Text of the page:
Rita Mae Brown Law 1964, M.A. Rubyfruit Jungle
Sally Kohn Law Contributor for the Fox News Channel
Eileen Rose Busby earned B.A. at age 62 Author
Candace Bushnell CAS, B.A. Her New York Observer column became the basis for Sex and the City
Fortuna Calvo-Roth professor President of New York chapter, Women in Communications [199]
Elaine Cameron-Weir 2010, MFA Artist
Bliss Carman visiting scholar Canadian poet
Suzanne Collins TSOA 1989, M.F.A. Television writer and novelist, author of the series The Underland Chronicles and The Hunger Games trilogy. [200]
Countee Cullen GSAS Author of Ballad of the Brown Girl, Color, Color
Noon Meem Danish Former teaching staff Urdu poet [201]
Miriam Davenport IFA* Painter and sculptor
Midge Decter ARTS* Journalist
Erica De Mane CAS Author of The Flavors of Southern Italy
Heather Dewey-Hagborg Master of Professional Studies in Interactive Telecommunications Information artist [202]
Crystal Eastman Law 1907, LL.B. Leader in early 20th-century feminist and civil liberties activism
Ralph Ellison Faculty 1970–1980 American Academy of Arts & Letters
Wayne Federman TSOA* Author of Maravich; comedian, The Tonight Show
Tom Ford TSOA* Design Director for Gucci
William Gaines CAS 1948, B.A. Founder of MAD magazine
Michael Gartner Law 1972, J.D. 1997 Pulitzer Prize for Editorial Writing
Elizabeth Gilbert CAS B.A., 1991 Author of Eat, Pray, Love [203]
Jorie Graham TSOA 1973, B.F.A. Known for complex metaphors and philosophical content
Adolph Green WSC 1938* Met Betty Comden at NYU
Raymond P. Hammond GAL 2000, MA Editor-in-Chief of New York Quarterly
Sean Hannity coursework* Co-host of Hannity and Colmes on Fox News Channel
Joseph Heller WSC 1948 Author of Catch-22 [203]
Perez Hilton B.A., 2000 Blogger, columnist and television personality.
Safiya Henderson-Holmes B.A. Poet, recipient of the William Carlos Williams Award [204]
Don Hewitt coursework* Creator of 60 Minutes
Idil Ibrahim Director and producer; founder of Zeila Films
Andrew Jacobs studied architecture and urban design New York Times journalist; documentary film director and producer [205]
Jamie Johnson GAL 2003, B.A. Filmmaker [206]
David Kaufman GSAS, M.A.[citation needed] Contributor to the Financial Times, The New York Times, Details, and the Fox Business Network
Swati Khurana GAL 2001, M.A. Artist and writer [207]
Andrew Kirtzman Journalism degree NY1 and WCBS-TV reporter, author
Alen Pol Kobryn CAS* Poet [208]
William Lashner Law, J.D. Author of legal thrillers
Ira Levin ARTS 1950, B.A. Known for the broadway musical Deathtrap
Paul Levinson WSC 1974 B.A.; Steinhardt 1979 Ph.D. Author of The Plot To Save Socrates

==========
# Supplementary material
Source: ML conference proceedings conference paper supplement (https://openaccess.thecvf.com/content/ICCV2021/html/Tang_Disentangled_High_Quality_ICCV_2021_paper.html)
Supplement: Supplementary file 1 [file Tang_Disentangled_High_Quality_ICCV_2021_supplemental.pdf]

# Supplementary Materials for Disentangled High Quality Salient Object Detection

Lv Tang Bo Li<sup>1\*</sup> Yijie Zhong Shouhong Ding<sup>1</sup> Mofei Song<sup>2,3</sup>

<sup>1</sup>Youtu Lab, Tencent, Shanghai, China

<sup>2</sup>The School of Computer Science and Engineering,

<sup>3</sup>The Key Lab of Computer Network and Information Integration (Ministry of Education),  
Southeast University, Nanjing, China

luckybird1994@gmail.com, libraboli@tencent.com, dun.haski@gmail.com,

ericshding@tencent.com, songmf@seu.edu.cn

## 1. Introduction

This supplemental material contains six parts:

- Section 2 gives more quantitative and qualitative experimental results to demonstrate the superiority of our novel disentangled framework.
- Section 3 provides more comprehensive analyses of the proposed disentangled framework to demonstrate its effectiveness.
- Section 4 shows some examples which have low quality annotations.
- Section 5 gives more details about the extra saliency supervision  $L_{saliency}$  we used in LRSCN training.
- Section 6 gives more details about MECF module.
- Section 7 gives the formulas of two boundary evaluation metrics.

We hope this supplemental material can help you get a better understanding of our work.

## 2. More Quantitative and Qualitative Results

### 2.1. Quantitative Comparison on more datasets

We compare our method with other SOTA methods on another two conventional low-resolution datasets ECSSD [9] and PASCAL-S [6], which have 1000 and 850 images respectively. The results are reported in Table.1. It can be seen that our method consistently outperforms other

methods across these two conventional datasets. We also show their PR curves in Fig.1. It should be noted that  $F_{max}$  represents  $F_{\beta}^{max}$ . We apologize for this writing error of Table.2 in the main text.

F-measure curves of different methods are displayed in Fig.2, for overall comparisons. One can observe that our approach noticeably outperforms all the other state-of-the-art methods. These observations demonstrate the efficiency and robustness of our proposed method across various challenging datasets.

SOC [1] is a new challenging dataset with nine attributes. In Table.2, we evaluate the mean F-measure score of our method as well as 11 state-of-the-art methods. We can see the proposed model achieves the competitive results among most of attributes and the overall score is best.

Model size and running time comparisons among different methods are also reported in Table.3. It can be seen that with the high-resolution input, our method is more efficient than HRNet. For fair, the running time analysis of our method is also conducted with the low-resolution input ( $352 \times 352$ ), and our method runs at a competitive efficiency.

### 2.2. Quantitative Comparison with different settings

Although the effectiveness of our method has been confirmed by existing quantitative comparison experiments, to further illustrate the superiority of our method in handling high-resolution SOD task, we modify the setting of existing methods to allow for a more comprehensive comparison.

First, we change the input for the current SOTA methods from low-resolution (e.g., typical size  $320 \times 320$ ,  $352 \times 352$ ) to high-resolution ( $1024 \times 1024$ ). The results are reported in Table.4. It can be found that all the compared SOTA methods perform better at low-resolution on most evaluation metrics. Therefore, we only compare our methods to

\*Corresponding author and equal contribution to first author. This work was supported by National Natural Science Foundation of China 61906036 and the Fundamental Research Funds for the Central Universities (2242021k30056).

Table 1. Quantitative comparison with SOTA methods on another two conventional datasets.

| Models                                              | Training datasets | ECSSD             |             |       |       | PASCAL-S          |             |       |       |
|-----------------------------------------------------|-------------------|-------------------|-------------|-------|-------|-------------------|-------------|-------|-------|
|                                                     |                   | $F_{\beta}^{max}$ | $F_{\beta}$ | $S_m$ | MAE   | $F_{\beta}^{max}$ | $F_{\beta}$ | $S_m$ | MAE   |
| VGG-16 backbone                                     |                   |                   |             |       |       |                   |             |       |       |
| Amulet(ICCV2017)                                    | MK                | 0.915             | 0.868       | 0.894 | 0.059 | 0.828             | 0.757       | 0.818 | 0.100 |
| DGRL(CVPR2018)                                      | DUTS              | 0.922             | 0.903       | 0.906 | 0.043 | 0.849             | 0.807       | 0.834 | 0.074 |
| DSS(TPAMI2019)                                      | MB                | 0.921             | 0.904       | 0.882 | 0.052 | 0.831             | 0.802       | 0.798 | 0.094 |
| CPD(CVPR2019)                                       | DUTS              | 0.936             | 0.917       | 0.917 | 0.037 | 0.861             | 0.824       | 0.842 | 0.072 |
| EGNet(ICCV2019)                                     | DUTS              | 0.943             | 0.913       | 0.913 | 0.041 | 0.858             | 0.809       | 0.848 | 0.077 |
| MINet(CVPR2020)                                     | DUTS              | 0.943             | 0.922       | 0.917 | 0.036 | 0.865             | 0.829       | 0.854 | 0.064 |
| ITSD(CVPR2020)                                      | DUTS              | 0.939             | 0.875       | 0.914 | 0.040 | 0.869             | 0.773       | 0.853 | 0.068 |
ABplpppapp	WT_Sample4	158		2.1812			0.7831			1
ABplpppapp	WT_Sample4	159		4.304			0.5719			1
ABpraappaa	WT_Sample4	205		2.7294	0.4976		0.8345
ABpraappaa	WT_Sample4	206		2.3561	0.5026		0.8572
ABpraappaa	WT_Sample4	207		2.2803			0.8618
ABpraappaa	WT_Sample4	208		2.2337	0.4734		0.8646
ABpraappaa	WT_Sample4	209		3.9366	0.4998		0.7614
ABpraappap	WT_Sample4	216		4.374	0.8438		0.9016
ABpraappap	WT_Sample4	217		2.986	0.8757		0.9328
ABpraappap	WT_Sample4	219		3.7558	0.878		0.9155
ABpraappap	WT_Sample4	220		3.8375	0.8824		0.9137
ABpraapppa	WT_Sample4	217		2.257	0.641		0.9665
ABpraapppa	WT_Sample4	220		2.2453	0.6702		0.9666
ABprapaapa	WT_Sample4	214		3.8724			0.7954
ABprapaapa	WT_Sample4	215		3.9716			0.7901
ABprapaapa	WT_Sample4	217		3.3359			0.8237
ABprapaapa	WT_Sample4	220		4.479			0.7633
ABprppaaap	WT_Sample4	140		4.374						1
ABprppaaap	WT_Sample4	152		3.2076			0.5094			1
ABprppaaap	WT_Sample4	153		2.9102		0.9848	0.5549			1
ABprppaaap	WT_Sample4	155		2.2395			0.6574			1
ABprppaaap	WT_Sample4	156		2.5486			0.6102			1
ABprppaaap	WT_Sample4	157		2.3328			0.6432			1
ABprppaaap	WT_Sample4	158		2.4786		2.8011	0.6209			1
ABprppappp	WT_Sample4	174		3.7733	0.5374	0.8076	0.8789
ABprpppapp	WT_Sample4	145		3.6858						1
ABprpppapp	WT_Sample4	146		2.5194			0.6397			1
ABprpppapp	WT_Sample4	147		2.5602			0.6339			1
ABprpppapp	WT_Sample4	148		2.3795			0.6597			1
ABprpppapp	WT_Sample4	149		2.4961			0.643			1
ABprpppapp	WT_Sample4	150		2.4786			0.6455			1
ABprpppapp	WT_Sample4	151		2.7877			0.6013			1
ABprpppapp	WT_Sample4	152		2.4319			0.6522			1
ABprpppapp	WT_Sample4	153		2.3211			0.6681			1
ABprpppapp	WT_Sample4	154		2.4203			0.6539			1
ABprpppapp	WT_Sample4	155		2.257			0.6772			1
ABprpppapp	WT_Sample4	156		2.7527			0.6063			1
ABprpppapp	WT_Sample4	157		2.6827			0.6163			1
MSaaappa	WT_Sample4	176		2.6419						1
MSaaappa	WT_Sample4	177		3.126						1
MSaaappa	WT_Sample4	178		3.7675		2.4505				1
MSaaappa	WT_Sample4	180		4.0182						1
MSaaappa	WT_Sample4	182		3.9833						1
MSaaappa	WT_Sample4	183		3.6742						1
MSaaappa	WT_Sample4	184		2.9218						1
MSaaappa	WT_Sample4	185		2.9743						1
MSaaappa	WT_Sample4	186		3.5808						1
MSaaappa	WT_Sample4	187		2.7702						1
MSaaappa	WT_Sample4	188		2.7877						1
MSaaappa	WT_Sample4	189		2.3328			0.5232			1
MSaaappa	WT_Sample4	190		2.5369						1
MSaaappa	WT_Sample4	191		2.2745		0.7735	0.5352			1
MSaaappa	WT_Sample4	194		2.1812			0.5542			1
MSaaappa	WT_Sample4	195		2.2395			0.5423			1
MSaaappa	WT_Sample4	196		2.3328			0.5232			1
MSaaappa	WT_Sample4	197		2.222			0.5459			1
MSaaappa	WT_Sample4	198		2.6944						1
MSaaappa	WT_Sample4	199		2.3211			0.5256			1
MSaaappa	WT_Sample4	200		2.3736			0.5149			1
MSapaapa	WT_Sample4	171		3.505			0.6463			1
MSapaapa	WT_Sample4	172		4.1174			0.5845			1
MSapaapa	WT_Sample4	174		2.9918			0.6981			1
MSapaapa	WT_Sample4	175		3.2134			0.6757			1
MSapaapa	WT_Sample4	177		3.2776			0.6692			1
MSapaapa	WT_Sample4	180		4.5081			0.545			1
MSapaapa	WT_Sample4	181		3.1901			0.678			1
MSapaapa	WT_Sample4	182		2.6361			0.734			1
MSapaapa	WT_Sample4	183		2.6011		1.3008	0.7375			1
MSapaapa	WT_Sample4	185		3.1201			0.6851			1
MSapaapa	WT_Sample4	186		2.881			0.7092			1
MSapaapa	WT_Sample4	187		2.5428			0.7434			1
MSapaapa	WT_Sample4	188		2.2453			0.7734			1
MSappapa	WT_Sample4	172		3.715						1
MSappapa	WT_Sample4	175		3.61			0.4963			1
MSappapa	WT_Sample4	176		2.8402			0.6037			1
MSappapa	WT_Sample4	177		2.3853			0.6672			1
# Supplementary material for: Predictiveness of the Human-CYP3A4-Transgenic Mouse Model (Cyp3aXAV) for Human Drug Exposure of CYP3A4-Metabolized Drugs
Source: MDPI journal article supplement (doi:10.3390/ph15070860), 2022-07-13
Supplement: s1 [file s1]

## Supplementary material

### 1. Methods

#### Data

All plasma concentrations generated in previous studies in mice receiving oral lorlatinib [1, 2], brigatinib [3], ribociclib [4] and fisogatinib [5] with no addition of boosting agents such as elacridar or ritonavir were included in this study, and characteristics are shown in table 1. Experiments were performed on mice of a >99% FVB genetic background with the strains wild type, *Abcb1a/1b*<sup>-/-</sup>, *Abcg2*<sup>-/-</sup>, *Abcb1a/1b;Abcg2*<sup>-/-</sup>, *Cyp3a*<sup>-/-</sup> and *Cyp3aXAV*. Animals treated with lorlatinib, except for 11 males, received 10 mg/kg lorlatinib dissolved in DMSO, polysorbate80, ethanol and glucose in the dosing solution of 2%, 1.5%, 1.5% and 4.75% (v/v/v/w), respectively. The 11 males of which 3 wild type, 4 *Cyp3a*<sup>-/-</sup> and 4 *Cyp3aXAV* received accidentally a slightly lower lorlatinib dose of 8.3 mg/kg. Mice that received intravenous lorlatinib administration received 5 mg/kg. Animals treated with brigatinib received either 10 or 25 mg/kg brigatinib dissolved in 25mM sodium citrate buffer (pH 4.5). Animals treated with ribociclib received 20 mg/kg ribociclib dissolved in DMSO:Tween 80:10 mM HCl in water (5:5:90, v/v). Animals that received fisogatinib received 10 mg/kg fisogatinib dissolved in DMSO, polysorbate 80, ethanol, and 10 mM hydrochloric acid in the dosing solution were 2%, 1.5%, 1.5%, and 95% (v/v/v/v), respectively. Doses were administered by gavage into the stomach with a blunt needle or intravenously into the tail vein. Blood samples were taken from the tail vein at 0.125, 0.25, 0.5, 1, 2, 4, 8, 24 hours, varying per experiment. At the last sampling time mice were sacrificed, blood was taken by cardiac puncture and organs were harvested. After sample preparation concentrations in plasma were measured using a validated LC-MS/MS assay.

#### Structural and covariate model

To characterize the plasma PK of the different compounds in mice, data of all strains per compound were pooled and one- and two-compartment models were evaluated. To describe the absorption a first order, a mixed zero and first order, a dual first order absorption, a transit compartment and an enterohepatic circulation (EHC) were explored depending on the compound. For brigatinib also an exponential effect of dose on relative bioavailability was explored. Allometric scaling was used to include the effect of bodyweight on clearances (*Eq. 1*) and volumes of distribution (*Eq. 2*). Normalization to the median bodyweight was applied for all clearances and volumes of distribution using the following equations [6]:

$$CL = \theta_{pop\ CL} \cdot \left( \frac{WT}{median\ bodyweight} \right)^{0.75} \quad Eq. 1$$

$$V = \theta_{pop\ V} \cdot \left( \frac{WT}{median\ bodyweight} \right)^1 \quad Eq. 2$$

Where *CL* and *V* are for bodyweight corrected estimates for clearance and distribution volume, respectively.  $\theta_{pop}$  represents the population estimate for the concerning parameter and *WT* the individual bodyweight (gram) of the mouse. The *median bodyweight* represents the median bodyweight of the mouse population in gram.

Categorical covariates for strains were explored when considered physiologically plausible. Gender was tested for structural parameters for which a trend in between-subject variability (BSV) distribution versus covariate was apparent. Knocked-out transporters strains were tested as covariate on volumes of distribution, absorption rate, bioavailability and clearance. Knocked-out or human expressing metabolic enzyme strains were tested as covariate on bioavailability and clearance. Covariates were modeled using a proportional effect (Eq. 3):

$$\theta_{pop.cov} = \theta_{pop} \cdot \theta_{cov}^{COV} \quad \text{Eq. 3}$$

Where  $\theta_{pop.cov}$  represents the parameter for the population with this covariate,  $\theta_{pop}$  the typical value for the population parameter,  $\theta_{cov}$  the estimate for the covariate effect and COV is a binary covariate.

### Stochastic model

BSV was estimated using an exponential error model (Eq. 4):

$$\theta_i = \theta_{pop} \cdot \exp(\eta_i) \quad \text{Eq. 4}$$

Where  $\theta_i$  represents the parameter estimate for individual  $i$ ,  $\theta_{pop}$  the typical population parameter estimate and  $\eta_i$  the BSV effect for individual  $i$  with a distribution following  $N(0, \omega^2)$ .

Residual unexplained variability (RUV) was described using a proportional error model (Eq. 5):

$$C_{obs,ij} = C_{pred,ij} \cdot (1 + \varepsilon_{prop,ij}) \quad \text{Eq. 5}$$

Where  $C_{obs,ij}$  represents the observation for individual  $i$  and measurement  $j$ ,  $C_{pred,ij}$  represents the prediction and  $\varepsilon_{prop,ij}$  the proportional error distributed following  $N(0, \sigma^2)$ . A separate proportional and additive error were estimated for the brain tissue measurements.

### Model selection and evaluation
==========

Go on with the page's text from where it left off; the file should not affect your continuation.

Charles Battell Loomis POLY Author
Leonard Maltin WSC, B.A. (journalism) Film critic on Entertainment Tonight
Demetri Martin Law* Comedian, The Daily Show
Carson McCullers GSAS* Author of The Heart is a Lonely Hunter
Frank McCourt WSC 1953, B.A. 1997 Pulitzer Prize for Autobiography or autobiographical Writing
Leonard Michaels WSC 1953, B.A. Essayist known for his compelling urban tales of whimsy and tragedy
Janet Mock Arthur L. Carter Journalism Institute, M.A. Author and journalist known for her 2014 memoir Redefining Realness [209]
Davi Napoleon TSOA 1989 Ph.D. Arts journalist and reviewer; author of Chelsea on the Edge: The Adventures of an American Theater
William Phillips GSAS 1930, M.A. Co-founder of Partisan Review
James Amos Porter GSAS, M.A. Painter and art historian
Dorothy Rabinowitz GSAS 1960, Ph.D. 2001 Pulitzer Prize for Commentary
Charles Reznikoff Law 1916, LL.B. Objectivist poet
Charlie Rose Stern 1968, coursework* Emmy award-winning journalist, television producer, host of PBS's Charlie Rose Show, and correspondent for CBS's 60 Minutes [210]
J. D. Salinger coursework* Author of Catcher in the Rye. [211]
Gerald Schoenfeld Law, J.D. Chairman of the Shubert Organization (1972–2008) [212]
Ben Shahn Artist
John Patrick Shanley Steinhardt 1977, M.A. Recipient of Pulitzer Prize, Academy Award, Tony Award
Arleen Schloss Education 1965, B.S. Sound poet, performance and video artist, curator, early childhood educator
Sara Shepard ARTS* Author of Pretty Little Liars series and The Lying Game series
George Segal ENG 1950, B.S. Sculptor of monochromatic, cast plaster figures
Robert Sobel CAS 1957, Ph.d. Business historian; author of For Want of a Nail
Danielle Steel TSOA 1963–1967* Romance novel author
Darin Strauss ENG 1996, M.F.A. Guggenheim-winning novelist; Chang and Eng, The Real McCoy
Harold C. Schonberg GSAS 1939, M.A. 1971 Pulitzer Prize for Criticism
Beth Ames Swartz 1959, M.A. Artist [213]
John Paul Thomas GSAS 1954, M.A. Artist and educator; studied with William Baziotes
Amy Vanderbilt B.A. 1929 Authority on manners, mores
Brian K. Vaughan Y: The Last Man, Ex Machina, Pride of Baghdad
Joel Wachs (born 1939) — Los Angeles City Council member (1970–2001), president of the Andy Warhol Foundation for the Visual Arts in New York City